Scarred With The Same Memory – Fleeing East Prussia:  Arrival Of A Red Army

One of the most disturbing photos I have seen from World War II did not show any battlefield scenes, it was not of any wounded, sick or dying, fire bombed cities or death camps and had nothing to do with the Holocaust. It did not show anyone being humiliated or executed, for that matter it did not show any kind of damage whatsoever. All the photo showed was four people who had not yet been harmed. They were hurriedly making their way through the dark forests of East Prussia. The photo looks as though it was taken at night. It shows these people on the move, likely a family. Their image blurred, but not deliberately so. A man is in the lead, carrying a suitcase in each hand and a pack on his back with whatever belongings he had hastily gathered. Behind him is a woman with a scarf wrapped around her head, she also has a suitcase in hand. Further back, can be seen a woman with a small child in tow.

These are people running for their lives, trying to make a last-minute escape from an apocalyptic storm. One that had been creeping ever closer on the eastern horizon throughout the latter half of 1944. Warnings of what fate might befall them had been broadcast loud and clear by German propaganda. In a bid to get East Prussians to fight for every inch of this frontier Fatherland, Nazi propaganda had spewed forth in both words and pictures information on a massacre of German civilians by Red Army soldiers in the town of Nemmersdorf on August 20, 1944. Women, young girls and even the elderly were raped, other stories told of naked women crucified on barn doors. The propaganda was effective in putting fear into the East Prussian populace, not to fight, but to flee.

A photo that does the fear proper justice - Civilians flee through the dark forests of East Prussia

A photo that does the fear proper justice – Civilians flee through the dark forests of East Prussia

Hell On The Horizon – A Symbol Of Merciless Vengeance
As one of the bitterest winters in memory descended on East Prussia the dull roar of artillery fire had grown louder. Soon the night horizon was lit by the ghoulish glow of infernal fires. The population grew increasingly fearful, what horrors lay just a few kilometers away were not hard to imagine. The hellish horizon blazed brighter by the hour, a symbol of merciless vengeance. One can only imagine the fear and foreboding in those final weeks of 1944. Meanwhile Nazi administrators and party officials downplayed the threat, while threatening to shoot anyone who tried to evacuate and making plans for their own getaways. Thus, they left hundreds of thousands of defenseless ethnic Germans in the path of the bloodthirsty Red Army.

In January 1945, the storm finally broke, a hail of fire and steel, anger and vengeance fell upon East Prussia. This was the first piece of German territory the Red Army set foot on. All the pent-up rage from three years of apocalyptic suffering on Soviet territory – where German troops had plundered and torched thousands of villages, murdered innocent civilians and committed bestial atrocities – was now to be unleashed on anyone and anything unfortunate enough to get in their way. Soviet soldiers would fish in ponds with grenades, mass rapes occurred, family members who protested would be shot or even worse. No ethnic German was to be spared and most realized that. Thus, the hurried flights through dark forests, along snowy roads, across icy lagoons and wading into frigid waters. The scene in the photo was repeated hundreds of thousands of times, with varying degrees of success. There were those who wanted to stay and did. Witness to the final moment of a way of life that was about to become history.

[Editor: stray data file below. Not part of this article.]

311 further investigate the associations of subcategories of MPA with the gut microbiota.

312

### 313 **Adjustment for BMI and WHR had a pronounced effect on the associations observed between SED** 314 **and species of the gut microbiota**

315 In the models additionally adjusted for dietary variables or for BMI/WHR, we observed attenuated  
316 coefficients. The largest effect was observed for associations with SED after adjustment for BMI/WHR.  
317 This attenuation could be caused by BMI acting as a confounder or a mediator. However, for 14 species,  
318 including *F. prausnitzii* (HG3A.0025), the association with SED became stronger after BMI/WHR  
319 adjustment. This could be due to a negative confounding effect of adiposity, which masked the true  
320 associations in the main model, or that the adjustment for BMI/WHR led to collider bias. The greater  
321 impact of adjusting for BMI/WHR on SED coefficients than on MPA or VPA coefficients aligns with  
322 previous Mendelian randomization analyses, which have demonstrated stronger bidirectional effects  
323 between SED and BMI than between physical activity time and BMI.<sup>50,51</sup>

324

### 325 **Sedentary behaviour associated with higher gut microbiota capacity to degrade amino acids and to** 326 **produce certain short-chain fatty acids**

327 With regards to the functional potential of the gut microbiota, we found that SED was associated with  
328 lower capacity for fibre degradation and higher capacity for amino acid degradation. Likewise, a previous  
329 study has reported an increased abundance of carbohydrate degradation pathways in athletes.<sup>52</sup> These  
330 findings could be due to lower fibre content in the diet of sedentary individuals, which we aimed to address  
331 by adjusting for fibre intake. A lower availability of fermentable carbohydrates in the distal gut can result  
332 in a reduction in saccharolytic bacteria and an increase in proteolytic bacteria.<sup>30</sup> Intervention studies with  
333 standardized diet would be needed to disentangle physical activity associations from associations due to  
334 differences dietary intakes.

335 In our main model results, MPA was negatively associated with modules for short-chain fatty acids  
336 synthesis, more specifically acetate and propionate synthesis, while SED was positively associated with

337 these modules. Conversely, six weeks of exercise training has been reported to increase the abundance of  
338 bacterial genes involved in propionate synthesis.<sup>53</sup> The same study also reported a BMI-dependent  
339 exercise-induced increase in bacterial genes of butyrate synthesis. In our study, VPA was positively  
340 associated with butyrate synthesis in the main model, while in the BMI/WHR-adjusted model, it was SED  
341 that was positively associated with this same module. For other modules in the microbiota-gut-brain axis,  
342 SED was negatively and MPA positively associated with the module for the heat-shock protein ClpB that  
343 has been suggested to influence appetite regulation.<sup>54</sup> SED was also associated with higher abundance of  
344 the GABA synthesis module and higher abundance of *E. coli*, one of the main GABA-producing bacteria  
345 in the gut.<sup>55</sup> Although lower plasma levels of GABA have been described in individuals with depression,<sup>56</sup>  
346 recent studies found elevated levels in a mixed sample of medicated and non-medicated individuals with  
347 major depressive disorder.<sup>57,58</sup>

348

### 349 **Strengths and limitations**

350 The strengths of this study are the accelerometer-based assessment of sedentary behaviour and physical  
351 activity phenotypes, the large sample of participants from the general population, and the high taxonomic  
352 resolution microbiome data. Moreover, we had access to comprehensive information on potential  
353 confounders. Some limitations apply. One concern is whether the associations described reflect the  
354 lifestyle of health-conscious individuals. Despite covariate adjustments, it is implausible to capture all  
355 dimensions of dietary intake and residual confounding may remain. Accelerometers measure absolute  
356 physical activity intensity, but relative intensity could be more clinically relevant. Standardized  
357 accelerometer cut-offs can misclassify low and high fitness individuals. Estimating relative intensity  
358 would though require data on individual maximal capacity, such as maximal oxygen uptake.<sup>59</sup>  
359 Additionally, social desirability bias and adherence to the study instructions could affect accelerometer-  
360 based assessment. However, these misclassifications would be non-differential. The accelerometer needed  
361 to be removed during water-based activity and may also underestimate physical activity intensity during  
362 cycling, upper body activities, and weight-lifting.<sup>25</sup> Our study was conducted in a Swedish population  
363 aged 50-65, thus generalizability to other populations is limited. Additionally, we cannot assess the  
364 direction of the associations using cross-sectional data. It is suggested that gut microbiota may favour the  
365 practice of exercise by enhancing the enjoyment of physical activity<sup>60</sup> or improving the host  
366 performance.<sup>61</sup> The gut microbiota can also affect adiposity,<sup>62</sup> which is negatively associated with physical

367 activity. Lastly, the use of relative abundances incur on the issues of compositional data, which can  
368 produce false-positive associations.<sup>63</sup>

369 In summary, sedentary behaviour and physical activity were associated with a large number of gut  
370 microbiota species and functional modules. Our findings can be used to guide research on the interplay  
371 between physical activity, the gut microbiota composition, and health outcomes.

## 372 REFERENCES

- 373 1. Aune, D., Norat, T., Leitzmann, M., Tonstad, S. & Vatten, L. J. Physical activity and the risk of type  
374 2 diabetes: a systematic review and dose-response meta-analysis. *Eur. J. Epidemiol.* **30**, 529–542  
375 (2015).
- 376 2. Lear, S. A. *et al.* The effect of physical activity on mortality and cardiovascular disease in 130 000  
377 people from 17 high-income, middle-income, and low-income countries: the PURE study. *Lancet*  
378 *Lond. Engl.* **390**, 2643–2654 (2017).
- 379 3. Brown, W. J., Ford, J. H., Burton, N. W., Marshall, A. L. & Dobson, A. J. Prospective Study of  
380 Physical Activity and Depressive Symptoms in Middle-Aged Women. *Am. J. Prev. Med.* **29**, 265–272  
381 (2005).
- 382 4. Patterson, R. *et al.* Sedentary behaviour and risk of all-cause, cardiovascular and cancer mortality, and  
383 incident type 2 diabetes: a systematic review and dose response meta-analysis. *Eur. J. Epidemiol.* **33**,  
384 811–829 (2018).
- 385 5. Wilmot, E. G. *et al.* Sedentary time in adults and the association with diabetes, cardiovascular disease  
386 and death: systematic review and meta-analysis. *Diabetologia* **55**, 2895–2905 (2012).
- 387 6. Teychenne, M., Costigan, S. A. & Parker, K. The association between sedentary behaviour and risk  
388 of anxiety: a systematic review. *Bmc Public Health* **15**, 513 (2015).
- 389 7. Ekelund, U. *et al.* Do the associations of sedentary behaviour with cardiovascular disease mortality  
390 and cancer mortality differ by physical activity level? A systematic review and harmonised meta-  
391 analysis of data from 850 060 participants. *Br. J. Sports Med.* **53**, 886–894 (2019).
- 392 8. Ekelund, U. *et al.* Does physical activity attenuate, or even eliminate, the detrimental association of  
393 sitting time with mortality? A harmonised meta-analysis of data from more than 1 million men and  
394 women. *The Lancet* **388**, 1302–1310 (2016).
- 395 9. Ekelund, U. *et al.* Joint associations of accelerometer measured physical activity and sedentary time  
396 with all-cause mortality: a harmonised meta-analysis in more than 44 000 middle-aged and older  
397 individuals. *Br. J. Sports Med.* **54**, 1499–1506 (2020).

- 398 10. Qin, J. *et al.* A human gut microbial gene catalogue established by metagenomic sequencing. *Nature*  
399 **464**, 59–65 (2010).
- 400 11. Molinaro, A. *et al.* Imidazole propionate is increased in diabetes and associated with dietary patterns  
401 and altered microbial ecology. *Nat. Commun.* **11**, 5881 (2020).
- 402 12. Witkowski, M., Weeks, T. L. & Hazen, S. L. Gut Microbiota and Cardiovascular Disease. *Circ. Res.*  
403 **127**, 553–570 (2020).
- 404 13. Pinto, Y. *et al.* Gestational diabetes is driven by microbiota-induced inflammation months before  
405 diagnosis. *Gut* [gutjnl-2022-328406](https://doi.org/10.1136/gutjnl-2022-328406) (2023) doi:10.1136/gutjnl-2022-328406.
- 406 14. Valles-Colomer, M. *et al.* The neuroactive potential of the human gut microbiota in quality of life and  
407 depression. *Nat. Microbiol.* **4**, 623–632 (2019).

East Prussian refugees on the move

Flight over fight – East Prussian refugees on the move

The Last Supper – A Countess & The Coming Chaos
The last supper must have been a hard one to swallow. Three women sat at a dinner table together for the last time. One was Countess Marion Grafin Donhoff, a scion of Prussian aristocracy and future publisher of the German news weekly Die Zeit. The other two were secretaries. It was a frigid Friday night in late January. The dinner took place at the Donhoff estate in Quittainen (now the Polish village of Kwitajny). Exactly two hundred and two years before, Philipp Otto Graf Donhoff had come into possession of the estate. Various improvements over the ensuing years had created an immaculately kept landscape. The castle house was a hub of refinement and culture in the heart of East Prussia. All that was about to come to an end. The word had been given by the local authorities that everyone should evacuate by midnight.

Countess Donhoff and her closest confidants could only imagine the dreadful fate which awaited them if they did not leave. When they finished their meal the women did not clean the table, but left the place settings just as they were. None of the women  locked the door as they walked out of the castle for the last time. Soon they were riding horses westward across a countryside covered with snow and consumed by bitter cold.  In a matter of minutes, Countess Donhoff went from a life of wealth and comfort to having next to nothing. We know about the last supper from Countess Donhoff’s memoirs, what we do not know is exactly what occurred when the first Red Army soldiers set foot inside that dining room. They would have entered with snow on their boots and blood on their hands. Almost immediately, the looting of valuables and the smashing of furniture would have begun.

Ruined rent house at the former Donhoff estate

After the fall – Ruined rent house at the former Donhoff estate (Credit: mef ellingen)

Staying Behind – Everything That Had Been Lost
The landowners and villagers in the immediate area who chose to stay behind and take their chances with the Soviet soldiers were subject to extremely harsh treatment. Out of thirty people, sixteen were executed, some of which included children. The other fourteen were deported to the Soviet Union for hard labor duty.  The scene at Quittainen was repeated all over East Prussia. The Junker (Prussian landowning aristocrats) estates were picked clean of any valuables, farmsteads put to the torch, summary executions and deportations carried out on those unfortunate enough to meet Soviet soldiers. As for Countess Donhoff, she eventually made it to safety and the west, but she never forgot her last supper in Quittainen or everything that had been lost in the immediate aftermath. She was one of many scarred with that same memory.